Students Get to College After Overcoming Gang Violence, Homelessness

Zoe Gonzalez is graduating high school early at age 16, despite growing up homeless

As a kid, Sonny Gasco didn't think he would live to be 18.

He grew up in Pacoima with constant pressure from relatives to join local street gangs. When he was a preteen, his dad got out of prison and taught him "all the wrong things," like how to steal a car.

But with support from his mother, Gasco was able to avoid falling permanently into a life of by studying hard and making it to Pierce College. On Wednesday, El Nido Family Centers, a nonprofit serving Los Angeles' needy, honored Gasco and 43 more of their brightest students with $1,000 scholarships.

"Every single one of them has demonstrated they have what it takes. They have the strength and the commitment to further their education," said Lisa Carloss, director of development and partnerships for the organization.

Many of the students honored at the Wednesday's ceremony have been victims of child abuse, parental neglect or gang violence. Nevertheless, they have managed to maintain excellent grades throughout high school.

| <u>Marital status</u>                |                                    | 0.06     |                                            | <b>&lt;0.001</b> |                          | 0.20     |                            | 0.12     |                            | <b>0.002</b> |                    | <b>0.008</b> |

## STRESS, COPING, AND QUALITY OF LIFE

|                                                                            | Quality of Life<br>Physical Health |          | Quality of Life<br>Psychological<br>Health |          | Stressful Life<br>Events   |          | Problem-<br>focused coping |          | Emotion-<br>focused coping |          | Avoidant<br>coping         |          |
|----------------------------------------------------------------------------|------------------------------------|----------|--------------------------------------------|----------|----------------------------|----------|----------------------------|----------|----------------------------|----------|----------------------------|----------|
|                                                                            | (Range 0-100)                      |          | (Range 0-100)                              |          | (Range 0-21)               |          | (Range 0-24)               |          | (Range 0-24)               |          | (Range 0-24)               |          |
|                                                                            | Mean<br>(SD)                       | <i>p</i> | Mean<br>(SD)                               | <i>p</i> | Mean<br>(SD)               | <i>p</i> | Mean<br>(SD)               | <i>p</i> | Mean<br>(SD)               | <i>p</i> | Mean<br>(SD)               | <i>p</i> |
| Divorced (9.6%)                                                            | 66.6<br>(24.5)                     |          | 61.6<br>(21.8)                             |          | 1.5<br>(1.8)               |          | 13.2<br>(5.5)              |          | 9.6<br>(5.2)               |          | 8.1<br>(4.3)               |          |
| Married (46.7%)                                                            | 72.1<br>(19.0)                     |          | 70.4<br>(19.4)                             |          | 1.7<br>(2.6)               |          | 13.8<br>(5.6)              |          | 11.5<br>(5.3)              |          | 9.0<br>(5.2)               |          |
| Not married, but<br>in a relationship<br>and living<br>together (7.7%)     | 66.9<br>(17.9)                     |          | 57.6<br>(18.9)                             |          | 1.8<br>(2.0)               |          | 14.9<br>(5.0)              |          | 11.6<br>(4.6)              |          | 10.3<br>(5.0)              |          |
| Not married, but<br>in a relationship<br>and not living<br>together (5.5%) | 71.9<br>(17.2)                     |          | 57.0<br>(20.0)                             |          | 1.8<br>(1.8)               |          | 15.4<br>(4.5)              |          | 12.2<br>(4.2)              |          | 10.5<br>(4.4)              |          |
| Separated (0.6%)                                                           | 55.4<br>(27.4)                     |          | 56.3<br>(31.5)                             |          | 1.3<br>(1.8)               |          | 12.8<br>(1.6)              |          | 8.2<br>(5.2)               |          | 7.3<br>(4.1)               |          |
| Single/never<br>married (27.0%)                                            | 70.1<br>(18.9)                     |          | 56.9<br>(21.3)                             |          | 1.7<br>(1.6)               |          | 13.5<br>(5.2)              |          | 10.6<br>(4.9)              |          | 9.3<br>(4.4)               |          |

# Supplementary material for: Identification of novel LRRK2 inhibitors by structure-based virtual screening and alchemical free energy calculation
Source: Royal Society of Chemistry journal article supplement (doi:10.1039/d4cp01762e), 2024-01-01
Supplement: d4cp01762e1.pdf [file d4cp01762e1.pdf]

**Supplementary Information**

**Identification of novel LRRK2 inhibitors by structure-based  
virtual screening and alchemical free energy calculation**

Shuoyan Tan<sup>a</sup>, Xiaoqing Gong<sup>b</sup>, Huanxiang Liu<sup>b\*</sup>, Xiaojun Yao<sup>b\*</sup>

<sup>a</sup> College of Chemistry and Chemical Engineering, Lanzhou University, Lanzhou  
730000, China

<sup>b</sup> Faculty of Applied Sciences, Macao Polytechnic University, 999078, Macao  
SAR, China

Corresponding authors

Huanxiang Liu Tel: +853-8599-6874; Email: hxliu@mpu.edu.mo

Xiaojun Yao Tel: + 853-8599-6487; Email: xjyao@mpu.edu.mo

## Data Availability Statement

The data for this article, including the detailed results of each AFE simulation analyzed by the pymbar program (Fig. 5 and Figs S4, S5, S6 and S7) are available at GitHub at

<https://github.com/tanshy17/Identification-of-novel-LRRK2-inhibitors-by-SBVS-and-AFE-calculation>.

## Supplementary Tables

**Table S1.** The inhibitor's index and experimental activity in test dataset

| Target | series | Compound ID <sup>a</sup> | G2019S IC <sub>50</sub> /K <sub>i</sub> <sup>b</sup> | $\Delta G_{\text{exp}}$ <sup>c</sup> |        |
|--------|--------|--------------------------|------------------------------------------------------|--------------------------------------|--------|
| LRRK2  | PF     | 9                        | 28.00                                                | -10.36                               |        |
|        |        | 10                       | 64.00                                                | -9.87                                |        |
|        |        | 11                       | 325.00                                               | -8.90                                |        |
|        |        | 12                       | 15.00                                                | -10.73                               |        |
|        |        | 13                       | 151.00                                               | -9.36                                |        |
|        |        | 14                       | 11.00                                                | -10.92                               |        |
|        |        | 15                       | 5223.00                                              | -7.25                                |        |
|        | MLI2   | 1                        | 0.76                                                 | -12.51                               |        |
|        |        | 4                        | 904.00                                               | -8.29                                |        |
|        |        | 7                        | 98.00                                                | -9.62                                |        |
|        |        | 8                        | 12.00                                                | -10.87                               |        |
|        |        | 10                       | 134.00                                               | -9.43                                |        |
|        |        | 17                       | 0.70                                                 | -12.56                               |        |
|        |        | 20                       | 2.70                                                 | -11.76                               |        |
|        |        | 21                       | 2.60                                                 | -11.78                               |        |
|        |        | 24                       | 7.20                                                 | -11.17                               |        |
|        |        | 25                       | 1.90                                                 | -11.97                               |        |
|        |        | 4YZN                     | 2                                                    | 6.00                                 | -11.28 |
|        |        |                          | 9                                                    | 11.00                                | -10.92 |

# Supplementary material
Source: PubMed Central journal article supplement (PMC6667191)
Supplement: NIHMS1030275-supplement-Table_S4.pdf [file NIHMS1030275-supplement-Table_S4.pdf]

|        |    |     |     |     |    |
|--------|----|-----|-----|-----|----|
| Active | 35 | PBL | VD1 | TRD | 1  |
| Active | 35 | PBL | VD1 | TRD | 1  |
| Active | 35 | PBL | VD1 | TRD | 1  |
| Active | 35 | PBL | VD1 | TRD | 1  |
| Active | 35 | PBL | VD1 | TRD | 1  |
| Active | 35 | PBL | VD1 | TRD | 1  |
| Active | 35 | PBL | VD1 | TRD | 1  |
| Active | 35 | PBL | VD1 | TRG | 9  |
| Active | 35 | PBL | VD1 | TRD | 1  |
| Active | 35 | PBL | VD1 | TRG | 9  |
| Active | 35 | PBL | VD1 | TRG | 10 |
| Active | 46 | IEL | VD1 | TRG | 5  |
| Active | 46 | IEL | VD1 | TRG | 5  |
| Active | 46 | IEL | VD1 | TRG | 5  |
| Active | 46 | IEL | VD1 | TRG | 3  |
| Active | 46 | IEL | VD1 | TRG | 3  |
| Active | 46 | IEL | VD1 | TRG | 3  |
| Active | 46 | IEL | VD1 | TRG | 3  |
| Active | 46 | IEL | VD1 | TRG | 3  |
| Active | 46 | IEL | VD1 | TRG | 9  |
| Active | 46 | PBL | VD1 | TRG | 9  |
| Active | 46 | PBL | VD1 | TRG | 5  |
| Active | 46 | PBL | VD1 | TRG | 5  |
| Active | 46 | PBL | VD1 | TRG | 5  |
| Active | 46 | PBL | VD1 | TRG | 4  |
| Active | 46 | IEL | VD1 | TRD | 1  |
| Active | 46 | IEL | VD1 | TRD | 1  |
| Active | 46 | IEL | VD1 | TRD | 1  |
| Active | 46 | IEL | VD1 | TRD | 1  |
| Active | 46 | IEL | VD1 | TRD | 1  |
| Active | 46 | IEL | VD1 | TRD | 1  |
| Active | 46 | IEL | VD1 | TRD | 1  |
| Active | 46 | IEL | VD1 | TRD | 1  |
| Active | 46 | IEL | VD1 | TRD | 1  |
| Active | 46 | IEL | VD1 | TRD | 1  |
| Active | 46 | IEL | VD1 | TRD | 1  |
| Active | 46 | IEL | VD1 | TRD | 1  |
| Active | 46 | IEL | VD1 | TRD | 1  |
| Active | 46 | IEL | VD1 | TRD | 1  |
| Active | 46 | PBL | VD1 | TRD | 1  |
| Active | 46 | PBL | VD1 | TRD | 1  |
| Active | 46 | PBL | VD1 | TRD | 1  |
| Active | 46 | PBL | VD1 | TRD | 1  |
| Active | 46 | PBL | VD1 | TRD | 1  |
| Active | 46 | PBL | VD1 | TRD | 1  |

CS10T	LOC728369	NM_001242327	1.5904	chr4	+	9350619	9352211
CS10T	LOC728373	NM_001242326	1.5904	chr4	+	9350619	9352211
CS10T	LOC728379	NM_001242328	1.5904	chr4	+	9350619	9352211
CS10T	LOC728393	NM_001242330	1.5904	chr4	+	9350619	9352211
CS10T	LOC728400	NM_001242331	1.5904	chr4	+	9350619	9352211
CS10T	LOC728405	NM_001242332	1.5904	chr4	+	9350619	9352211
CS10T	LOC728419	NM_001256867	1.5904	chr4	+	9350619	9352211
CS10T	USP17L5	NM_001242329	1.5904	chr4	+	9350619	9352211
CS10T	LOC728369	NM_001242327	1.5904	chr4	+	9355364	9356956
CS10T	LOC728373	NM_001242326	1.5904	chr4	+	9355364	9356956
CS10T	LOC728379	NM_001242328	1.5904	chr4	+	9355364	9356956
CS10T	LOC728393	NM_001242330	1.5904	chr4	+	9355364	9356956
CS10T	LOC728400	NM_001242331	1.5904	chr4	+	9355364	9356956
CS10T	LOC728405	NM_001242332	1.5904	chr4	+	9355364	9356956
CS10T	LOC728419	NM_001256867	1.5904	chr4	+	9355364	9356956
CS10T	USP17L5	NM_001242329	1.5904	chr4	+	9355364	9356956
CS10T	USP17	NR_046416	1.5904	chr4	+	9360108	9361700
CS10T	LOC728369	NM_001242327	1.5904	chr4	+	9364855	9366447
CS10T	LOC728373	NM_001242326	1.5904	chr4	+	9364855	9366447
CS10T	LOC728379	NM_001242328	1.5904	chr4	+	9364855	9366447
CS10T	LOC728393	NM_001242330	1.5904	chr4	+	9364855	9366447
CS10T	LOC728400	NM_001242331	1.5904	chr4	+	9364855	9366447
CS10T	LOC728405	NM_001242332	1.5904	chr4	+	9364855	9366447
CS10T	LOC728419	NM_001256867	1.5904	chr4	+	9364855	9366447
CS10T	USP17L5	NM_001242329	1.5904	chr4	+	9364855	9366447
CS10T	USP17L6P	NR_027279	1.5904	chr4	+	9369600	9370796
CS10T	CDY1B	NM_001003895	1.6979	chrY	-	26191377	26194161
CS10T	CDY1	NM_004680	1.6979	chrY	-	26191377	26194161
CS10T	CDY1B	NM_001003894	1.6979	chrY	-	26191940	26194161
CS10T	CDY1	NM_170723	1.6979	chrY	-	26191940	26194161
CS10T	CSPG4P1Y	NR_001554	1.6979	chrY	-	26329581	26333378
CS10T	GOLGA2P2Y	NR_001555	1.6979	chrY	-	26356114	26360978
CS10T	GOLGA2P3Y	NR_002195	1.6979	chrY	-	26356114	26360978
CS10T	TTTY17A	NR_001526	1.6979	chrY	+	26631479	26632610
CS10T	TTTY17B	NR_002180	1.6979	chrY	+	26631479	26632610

Another scholarship recipient, Zoe Gonzalez is graduating high school early at age 16, despite growing up homeless. She said it's often been hard to focus on school when she's scared she won't have a place to stay at night. But late nights of worrying where her next meal would come from or where she'd lay her head, led to late night study sessions.

"I love school. I've always loved school and, being homeless, the one thing I carry with me all the time is my backpack, filled with textbooks."

Now Gonzalez will be going to Mission College and hopes to transfer to either UC Berkeley or USC.

For El Nido Family Centers, the scholarships are part of a larger mission to break the cycle of poverty, child abuse and academic failure. Recipients can reapply for the scholarship each year that they stay in school.

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